Under conventional thinking, one of the most remarkable aspects of China is its high level of homogeneity in spite of its vast territory and population. Out of China’s nearly 1.4 billion citizens, over 90 percent are identified as Han Chinese, while an agglomeration of 55 minorities make up the remainder of the citizenry. This statistic, while concise and easy to cite, is not an adequate indication of homogeneity as there is a great degree of variance amongst the Han. For the sake of the Chinese government, however, this vague concept of homogeneity is something to celebrate rather than debate. It has become a fundamental aspect of policy, both foreign and domestic.
The synonimity of being Han and being Chinese (according to Beijing’s position) is invaluable for an authoritarian regime. Xi Jinping and the Chinese Communist Party are adamant on maintaining that a single ethnicity is easier to govern and control than would be a multitude of ethnicities. This simple deduction explains why large, authoritarian empires such as Nazi Germany or the Soviet Union pursued policies designed to limit the strength of minorities in the form of mass executions and state-created famines.
It is in this frame of thinking that the troubling reports that up to a million Uighurs (a Turkic-speaking, Muslim minority in China’s westernmost province Xinjiang) are being detained in ‘re-education camps’ can best be understood and analyzed. The Uighurs have been in an awkward position in the People’s Republic ever since their homeland was annexed in 1950. They, along with the Tibetans, have thus always been considered as an internal threat to the Communist Regime. Beijing pursued policies designed to slowly sinicize these peripheral territories, such as enticing ethnic Hans to move West, gerrymandering local districts in such a way as to emphasize Han power, rewriting history and eliminating local identities through education.
In 2009, Brahma Chellaney wrote in The Japan Times that “what Beijing is pursuing is not ethnic cleansing in these regions but ethnic drowning” and that the policies “[are] tantamount to cultural annihilation.” This latest campaign of internment is an indication of a transition of Beijing’s more passive, yet nonetheless ruthless policy of ‘ethnic drowning’ to outright ethnic cleansing.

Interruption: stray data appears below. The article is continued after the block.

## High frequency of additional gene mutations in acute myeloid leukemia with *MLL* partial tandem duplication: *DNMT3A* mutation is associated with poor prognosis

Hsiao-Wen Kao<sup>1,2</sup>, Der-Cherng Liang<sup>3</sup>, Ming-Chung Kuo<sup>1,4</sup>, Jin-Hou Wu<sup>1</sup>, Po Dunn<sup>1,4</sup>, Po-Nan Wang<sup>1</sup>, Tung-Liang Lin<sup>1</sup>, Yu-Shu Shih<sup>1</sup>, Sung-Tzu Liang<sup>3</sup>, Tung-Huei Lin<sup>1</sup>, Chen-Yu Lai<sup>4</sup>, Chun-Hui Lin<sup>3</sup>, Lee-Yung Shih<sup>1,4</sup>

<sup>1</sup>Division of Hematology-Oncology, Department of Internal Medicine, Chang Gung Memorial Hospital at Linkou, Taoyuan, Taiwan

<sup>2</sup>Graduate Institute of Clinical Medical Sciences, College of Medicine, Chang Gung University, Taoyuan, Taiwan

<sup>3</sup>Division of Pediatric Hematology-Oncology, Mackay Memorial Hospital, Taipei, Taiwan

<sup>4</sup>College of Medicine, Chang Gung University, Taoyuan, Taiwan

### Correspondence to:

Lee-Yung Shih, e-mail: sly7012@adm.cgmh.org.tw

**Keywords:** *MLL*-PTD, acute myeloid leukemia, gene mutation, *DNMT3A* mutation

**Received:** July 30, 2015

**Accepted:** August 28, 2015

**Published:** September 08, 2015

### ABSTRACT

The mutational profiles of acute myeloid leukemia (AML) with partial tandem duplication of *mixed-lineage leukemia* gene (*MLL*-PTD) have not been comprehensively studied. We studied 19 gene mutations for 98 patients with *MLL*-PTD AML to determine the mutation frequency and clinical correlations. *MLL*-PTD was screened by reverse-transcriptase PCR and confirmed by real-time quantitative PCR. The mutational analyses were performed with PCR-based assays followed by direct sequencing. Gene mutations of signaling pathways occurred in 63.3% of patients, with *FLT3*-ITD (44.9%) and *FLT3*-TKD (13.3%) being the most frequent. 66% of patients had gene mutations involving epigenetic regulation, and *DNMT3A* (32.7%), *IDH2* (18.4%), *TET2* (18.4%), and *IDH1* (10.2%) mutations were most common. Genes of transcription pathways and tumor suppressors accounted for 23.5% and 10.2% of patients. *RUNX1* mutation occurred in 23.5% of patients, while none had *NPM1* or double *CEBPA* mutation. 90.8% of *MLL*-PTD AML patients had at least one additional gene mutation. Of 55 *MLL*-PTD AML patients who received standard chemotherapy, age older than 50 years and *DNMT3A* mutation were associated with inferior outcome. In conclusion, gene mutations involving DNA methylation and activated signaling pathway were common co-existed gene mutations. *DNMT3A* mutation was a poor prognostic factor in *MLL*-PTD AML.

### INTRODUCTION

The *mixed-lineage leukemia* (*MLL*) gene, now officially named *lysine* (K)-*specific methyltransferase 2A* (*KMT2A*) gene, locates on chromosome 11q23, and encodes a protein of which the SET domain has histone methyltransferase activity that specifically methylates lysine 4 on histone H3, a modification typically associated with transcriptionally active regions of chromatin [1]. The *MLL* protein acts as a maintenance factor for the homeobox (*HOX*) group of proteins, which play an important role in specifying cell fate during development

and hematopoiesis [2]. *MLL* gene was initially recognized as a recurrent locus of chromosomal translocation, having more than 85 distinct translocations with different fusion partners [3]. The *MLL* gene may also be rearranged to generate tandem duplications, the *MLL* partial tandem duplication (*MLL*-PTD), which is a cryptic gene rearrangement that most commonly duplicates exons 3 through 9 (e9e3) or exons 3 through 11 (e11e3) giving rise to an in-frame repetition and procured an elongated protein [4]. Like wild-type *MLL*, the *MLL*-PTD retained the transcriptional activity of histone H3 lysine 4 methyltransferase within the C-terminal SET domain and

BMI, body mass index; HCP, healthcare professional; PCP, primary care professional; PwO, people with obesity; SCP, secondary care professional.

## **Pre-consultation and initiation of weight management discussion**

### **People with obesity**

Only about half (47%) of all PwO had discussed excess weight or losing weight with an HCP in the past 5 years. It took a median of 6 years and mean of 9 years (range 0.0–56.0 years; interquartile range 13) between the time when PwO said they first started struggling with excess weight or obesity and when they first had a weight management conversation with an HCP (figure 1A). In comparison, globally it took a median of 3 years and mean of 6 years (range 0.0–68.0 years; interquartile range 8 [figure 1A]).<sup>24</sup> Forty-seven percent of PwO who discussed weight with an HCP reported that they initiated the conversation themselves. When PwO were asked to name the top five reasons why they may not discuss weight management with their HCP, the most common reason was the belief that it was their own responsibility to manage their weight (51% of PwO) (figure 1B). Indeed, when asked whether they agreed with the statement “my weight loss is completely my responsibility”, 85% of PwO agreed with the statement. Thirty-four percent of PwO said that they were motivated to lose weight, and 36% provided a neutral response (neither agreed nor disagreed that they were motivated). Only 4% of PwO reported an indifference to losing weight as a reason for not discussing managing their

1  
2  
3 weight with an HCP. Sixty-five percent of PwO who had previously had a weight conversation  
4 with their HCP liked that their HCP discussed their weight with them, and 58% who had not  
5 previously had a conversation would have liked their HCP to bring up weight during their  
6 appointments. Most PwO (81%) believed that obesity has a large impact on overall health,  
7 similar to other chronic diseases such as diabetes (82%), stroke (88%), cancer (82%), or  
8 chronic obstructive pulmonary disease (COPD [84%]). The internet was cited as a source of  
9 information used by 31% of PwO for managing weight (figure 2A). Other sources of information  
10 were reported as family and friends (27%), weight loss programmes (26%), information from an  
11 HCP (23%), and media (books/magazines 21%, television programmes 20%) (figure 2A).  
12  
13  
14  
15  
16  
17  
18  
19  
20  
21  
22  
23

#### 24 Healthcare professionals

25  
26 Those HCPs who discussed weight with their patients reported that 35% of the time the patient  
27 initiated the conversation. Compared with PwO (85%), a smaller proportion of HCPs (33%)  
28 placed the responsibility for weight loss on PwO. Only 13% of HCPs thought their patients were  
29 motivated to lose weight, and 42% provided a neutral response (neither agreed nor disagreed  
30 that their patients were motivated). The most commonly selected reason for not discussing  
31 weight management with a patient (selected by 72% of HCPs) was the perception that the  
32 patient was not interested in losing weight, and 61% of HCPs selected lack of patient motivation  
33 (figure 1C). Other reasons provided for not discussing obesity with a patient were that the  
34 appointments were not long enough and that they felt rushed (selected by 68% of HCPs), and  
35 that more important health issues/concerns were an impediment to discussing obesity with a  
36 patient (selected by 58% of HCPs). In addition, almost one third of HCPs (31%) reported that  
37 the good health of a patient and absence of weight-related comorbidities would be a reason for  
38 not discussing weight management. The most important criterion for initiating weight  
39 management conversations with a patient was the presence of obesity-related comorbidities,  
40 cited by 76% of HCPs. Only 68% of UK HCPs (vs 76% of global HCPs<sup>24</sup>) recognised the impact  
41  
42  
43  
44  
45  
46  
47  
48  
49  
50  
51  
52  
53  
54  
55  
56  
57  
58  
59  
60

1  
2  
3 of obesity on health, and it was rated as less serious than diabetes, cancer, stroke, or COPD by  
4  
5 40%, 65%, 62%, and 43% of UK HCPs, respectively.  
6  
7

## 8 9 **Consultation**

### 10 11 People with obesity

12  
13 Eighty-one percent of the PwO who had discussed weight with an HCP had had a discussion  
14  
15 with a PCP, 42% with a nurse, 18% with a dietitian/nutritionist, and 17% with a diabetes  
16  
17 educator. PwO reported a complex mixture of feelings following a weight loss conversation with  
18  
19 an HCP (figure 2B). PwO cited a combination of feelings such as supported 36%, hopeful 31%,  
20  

Of course, the Chinese government denies the existence of concentration camps. One senior Chinese official insisted that there are “no such things as re-education centers,” but rather they were merely vocational schools for criminals. The government has admitted that the plethora of first-hand accounts and satellite imagery, however, render any of Beijing’s explanations and justifications defunct.
The rationale that the government presents for its own people is especially concerning: that the internment camps are hospitals. One official Communist Party audio recording stated that those “who have been chosen for re-education have been infected by an ideological illness.”
The eery reminiscence to Nazi language and thinking should be all the evidence needed to consider the Uighur crisis as an indication of the genuine threat that the Chinese government poses to the world. The elimination of the Uighur ethnicity, while tragic from a cultural perspective, is also evidence of the sincerity of the Communist Party’s intention to crush opposition at any cost. The international community has been more or less indifferent toward the plight of the Uighurs, perhaps due to their relative geographic isolation. However, lack of disciplinary action against blatant evidence of ethnic cleansing sends a message to Xi Jinping that the world is unwilling to confront his authority.